We'd pretty much decided that we were going to adopt Theo before they brought Lola in-- but then they brought Lola in. She looked over the volunteer's shoulder at us with her big black eyes, practically fluttering her little eyelashes. As soon as she got down on the floor she trotted over to each one of us in turn, leaning all ten pounds of her body weight against our legs and gazing up at us with gentle affection. She had a cold; she wheezed every time she exhaled. When she got around to saying hi to me, she sneezed dog snot all over my hand.
She didn't really know any commands, but she knew her name. When we decided to see what would happen if we stopped paying attention to her, she curled up in my sister's coat and started to fall asleep.
I was in love. We were all in love. Despite wanting to help Theo, I knew there was no way I could leave little Lola at the shelter, even though I was positive someone else would adopt her. No-- probably because I was positive someone else would adopt her, and I wanted her to be mine.
I went up to the desk and asked them what they could tell us about Lola. She was sweet, and she'd been a stray-- that's all they knew. Was she housetrained? Did she like kids or cats? No one knew. I asked to start the adoption process anyway. I didn't care if she peed all over my apartment. They said there was one complication: someone had shown up last week and tried to claim Lola, but they weren't able to prove that she belonged to them-- no vet records, no vaccines, nothing. They could start the adoption process for us, but they couldn't guarantee that these people wouldn't come back with proof.
I spent the next eight days-- and that's how long it took-- in agony. I went on their website every hour to check on Lola's adoption status. At first she wasn't even on the website; then she was on the website as an adoptable dog-- but she was MY dog!-- and then she was on the website as adoption pending. I called them at least five times to check on our status, and I went to bed nervous every night.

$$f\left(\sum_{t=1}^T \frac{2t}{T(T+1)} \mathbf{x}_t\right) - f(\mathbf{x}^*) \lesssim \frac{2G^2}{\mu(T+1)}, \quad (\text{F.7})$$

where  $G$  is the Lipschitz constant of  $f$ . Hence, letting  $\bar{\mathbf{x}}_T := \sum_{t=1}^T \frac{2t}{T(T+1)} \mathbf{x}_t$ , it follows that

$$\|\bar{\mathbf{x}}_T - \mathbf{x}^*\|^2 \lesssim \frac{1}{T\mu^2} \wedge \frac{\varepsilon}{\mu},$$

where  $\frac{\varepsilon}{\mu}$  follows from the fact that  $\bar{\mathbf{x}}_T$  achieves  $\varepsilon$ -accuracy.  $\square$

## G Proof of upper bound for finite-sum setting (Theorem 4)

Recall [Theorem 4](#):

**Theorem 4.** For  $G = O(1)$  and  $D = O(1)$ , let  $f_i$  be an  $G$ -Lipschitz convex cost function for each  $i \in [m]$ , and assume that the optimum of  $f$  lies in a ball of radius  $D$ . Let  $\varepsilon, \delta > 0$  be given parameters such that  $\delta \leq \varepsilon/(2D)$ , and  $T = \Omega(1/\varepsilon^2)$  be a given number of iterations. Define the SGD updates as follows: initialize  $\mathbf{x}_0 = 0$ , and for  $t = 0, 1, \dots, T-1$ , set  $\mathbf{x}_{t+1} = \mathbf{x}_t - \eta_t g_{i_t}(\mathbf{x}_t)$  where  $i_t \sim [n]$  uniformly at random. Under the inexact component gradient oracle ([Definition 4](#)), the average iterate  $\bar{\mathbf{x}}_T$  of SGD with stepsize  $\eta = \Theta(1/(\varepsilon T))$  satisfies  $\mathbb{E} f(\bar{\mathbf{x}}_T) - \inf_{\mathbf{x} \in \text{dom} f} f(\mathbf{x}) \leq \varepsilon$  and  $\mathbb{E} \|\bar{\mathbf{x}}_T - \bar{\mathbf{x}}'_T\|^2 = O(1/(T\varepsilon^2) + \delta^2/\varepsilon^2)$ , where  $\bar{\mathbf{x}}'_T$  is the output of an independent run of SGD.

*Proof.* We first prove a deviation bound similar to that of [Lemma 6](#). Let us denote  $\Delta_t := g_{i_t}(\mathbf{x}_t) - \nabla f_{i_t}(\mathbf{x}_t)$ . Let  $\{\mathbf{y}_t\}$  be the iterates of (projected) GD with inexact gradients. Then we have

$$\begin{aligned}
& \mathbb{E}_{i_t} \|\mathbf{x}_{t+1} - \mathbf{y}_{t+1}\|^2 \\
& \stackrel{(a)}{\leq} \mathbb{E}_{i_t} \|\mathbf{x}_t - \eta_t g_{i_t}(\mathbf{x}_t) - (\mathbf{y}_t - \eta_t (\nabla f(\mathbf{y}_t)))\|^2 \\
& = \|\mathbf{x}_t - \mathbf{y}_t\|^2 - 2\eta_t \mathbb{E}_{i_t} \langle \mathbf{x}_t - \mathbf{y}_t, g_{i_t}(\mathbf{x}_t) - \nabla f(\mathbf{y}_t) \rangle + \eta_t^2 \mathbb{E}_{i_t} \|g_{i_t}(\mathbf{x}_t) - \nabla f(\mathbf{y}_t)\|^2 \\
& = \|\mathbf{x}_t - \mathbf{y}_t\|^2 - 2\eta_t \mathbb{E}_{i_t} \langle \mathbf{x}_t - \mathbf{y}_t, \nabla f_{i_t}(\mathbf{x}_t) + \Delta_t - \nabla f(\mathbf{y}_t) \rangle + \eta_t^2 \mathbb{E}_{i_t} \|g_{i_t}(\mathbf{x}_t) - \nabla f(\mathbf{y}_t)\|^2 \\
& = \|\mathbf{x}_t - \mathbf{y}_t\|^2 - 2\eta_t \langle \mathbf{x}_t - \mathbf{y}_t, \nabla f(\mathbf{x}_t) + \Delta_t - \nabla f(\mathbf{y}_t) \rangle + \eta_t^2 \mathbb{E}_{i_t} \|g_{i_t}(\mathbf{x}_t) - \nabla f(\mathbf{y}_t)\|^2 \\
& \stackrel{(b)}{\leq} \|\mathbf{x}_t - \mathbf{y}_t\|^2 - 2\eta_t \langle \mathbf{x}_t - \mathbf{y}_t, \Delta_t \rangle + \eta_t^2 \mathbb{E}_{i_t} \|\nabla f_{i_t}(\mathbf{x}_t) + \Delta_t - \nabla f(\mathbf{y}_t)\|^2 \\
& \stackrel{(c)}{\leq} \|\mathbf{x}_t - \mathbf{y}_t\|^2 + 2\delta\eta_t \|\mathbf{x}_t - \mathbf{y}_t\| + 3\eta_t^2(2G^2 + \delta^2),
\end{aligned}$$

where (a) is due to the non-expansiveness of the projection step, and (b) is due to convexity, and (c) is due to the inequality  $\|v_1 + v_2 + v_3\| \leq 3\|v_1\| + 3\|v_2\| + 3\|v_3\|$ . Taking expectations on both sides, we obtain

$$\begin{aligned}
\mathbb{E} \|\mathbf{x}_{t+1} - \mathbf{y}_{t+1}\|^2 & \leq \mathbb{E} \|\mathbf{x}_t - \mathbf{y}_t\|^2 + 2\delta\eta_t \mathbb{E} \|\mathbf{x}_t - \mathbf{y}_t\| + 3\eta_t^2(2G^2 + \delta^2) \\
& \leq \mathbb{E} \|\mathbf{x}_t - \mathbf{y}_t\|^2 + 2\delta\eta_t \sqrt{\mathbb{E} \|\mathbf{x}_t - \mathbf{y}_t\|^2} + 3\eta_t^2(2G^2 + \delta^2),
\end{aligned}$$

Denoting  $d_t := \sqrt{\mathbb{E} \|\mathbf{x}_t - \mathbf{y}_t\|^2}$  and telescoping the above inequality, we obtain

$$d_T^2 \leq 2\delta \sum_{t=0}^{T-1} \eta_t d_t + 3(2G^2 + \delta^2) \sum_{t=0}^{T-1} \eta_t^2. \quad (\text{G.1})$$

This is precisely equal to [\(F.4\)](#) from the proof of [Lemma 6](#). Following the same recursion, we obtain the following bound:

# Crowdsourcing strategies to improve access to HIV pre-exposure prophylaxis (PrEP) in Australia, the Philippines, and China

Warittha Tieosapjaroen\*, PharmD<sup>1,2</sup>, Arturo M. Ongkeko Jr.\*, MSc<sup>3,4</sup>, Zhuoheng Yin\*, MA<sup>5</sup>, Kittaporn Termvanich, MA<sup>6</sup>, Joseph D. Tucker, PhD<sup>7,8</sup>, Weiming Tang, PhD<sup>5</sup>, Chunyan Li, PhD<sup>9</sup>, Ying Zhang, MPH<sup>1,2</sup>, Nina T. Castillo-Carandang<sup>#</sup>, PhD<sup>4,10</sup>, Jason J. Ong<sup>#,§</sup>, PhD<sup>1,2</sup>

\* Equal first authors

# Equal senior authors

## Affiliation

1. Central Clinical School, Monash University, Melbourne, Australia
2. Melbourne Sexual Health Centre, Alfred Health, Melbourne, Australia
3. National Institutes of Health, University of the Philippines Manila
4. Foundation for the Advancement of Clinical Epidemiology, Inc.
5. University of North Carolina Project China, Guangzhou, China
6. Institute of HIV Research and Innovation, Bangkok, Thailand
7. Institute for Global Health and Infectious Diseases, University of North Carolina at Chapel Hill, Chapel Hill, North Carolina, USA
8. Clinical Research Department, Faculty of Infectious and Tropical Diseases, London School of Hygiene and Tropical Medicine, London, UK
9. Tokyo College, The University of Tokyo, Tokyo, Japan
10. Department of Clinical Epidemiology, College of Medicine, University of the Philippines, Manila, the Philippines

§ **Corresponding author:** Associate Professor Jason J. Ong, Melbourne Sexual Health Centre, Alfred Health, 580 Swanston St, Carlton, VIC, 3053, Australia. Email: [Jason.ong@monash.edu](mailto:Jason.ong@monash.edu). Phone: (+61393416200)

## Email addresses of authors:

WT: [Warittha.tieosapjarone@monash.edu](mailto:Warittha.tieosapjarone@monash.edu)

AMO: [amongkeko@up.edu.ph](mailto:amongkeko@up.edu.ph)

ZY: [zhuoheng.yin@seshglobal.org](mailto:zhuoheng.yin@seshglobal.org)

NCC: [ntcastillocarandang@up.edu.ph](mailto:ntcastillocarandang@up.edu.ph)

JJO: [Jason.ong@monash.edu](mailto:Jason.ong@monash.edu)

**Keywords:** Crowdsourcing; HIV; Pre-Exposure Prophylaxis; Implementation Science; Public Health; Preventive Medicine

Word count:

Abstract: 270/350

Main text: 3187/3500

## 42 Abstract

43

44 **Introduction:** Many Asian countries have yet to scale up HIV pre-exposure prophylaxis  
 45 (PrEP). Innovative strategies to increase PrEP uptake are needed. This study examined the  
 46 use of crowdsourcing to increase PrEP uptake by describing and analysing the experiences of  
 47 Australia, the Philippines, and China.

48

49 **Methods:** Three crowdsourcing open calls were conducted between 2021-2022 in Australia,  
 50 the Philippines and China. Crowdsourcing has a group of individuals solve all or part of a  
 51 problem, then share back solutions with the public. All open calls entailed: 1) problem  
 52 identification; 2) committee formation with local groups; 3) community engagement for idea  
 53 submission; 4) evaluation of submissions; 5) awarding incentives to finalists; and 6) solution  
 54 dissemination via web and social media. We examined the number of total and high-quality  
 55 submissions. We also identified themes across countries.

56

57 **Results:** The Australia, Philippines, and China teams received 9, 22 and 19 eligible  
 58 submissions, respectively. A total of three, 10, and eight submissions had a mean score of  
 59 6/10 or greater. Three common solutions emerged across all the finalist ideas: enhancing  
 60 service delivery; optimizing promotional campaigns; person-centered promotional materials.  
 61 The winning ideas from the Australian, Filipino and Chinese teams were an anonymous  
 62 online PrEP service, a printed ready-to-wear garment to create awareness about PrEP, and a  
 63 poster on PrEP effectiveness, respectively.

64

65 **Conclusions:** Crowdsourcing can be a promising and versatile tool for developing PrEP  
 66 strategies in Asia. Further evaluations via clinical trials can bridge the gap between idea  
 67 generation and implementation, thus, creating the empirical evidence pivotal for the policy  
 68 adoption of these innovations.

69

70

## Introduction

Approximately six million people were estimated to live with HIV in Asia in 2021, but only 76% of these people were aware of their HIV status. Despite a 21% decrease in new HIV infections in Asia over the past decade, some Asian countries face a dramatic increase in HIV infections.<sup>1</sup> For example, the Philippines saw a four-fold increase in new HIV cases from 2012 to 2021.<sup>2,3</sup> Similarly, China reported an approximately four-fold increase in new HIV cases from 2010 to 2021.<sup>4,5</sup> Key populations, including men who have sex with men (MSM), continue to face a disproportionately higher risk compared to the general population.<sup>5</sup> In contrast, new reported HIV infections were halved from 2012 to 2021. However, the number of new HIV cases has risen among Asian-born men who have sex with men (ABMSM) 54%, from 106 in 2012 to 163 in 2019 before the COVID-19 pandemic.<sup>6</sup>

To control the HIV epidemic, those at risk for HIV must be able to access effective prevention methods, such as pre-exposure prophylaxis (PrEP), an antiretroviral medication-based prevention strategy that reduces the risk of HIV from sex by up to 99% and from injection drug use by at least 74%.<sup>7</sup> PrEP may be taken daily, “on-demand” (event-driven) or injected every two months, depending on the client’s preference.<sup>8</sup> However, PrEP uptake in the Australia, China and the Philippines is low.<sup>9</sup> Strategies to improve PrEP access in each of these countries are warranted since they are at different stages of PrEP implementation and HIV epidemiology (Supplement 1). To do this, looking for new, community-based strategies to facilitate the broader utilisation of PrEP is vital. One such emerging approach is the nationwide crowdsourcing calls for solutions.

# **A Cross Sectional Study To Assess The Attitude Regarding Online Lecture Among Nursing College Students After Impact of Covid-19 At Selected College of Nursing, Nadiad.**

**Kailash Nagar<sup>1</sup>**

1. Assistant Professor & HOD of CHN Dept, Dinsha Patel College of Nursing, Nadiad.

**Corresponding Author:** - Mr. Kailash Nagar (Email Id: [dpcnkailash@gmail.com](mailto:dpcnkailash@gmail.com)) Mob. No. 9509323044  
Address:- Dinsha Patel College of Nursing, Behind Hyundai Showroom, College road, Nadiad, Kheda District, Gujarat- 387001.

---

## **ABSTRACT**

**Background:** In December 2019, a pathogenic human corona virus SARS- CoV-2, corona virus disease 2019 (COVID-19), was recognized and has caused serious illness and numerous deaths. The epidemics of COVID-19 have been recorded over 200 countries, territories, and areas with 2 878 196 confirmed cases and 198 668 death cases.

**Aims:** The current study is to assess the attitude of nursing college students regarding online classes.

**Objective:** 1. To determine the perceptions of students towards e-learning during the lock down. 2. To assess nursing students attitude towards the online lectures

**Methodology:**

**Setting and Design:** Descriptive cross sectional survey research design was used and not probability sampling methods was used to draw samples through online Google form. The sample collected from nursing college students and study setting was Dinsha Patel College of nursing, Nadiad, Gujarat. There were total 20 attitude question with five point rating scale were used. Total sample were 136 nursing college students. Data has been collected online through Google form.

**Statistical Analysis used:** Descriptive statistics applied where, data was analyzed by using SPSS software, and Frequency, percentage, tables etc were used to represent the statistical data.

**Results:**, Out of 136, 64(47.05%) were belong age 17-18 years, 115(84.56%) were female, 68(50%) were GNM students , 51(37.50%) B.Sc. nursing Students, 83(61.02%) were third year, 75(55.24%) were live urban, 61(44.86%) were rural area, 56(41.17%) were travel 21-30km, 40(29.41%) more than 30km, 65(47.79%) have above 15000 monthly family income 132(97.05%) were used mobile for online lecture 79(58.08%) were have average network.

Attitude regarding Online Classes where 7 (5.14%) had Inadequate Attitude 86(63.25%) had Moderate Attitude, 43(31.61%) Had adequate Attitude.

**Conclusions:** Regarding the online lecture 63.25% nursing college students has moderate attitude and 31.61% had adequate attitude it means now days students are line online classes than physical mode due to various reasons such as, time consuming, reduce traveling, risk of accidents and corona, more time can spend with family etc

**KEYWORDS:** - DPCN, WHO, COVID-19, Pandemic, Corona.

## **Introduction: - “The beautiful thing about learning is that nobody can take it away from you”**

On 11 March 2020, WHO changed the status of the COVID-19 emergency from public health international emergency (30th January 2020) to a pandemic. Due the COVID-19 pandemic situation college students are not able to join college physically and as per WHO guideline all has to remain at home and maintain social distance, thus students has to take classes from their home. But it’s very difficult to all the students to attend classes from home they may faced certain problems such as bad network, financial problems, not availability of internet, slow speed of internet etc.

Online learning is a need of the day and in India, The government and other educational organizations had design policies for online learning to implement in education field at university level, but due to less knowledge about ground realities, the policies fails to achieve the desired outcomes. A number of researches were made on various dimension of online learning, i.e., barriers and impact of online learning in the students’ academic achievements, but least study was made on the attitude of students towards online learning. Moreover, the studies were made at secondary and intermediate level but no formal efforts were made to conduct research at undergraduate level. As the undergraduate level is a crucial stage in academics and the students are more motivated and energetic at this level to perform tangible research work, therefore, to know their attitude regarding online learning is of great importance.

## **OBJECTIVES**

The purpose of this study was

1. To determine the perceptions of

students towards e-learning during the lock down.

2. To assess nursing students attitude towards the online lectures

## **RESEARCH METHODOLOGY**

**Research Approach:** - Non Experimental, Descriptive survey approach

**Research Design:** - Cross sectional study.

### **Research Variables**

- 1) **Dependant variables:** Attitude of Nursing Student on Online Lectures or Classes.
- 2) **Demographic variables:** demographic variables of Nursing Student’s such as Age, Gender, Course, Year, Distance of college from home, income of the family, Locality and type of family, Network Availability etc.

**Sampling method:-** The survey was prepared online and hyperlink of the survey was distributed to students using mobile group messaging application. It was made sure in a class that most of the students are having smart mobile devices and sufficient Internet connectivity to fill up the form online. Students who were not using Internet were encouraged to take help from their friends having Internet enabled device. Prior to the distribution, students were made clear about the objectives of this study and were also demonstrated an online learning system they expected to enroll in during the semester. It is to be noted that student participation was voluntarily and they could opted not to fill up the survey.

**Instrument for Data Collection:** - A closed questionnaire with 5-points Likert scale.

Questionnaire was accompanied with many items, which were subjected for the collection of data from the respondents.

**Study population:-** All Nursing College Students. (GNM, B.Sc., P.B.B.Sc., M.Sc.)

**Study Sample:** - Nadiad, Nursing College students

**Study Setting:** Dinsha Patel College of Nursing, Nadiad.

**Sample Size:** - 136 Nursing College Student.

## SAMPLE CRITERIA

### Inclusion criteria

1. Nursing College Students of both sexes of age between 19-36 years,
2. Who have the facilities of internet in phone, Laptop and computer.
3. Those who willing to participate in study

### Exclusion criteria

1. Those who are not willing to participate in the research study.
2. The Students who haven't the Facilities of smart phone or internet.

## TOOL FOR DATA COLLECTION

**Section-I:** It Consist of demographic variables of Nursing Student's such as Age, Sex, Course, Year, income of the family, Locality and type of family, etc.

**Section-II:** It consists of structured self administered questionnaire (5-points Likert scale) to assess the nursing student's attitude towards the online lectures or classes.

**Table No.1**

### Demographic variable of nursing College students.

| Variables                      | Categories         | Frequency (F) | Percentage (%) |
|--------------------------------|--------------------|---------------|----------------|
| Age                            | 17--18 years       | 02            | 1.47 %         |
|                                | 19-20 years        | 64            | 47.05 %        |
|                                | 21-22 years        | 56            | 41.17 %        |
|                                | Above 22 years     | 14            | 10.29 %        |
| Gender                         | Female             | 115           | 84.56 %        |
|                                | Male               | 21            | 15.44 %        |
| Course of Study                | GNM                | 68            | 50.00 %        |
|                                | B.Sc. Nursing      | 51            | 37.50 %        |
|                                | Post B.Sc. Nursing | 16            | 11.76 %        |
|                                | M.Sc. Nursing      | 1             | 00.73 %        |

On January 7 we got a call letting us know that Lola would be ready to pick up the following day. On January 8 my entire family went out to pick her up. She seemed excited and happy on the way home, and really perked up when we turned in to our neighborhood. When we got her in to the apartment, she made a beeline for her dog bed and curled up inside.
At first she didn't eat much. She didn't really want to play, either; she was afraid of the squeaking noise her toys made. In fact, she didn't seem to know what toys were. At one point she carried them all very delicately to her dog bed and laid down on top of them as if they were puppies. She was mostly interested in finding the softest location in the vicinity and falling asleep. She never barked. But she was housebroken, and she started to respond to "sit" and "stay" when she felt like it. I was sad that she wasn't more outgoing, but she was sweet and well-behaved and very easy to care for, so I figured I couldn't ask for more.
She came out of her shell bit by bit with every passing week. We found out that she did like to play-- she just didn't know how to play with toys. She was, however, a big fan of play-biting our hands, growling and acting tough, and then running laps around the living room. She got more and more affectionate, and wanted to spend more time on our laps or burrowed next to us. We taught her how to play fetch and tug, and she started chewing on her bones and eating way more than enough food for a ten-pound animal, as well as things that may not exactly qualify as food.
We found out that she loves beer (we don't let her drink any, but she tries to go for ours whenever she gets the opportunity), she has bad back legs, and there is nothing in the universe that is sweeter than she is.
Today is our one-year anniversary. I know Lola understands what we did for her-- I can see she understands, in her sweet little buggy eyes-- but I'm not sure she understands how much she's done for us.
According to the ASPCA, two thirds of adoptable shelter dogs are unnecessarily euthanized every year.
The APS has a wonderful article about why to adopt a shelter dog. Shelter dogs are every bit as good as any dog that you could purchase from a breeder-- and there are millions out there that need your help.
If you are looking for a dog, please don't buy one from a breeder. Adopt one from a shelter or a rescue organization instead. There is one out there that you need as much as they need you.
P.S. Theo was adopted the same week as Lola. I hope he's with a family with a nice big yard.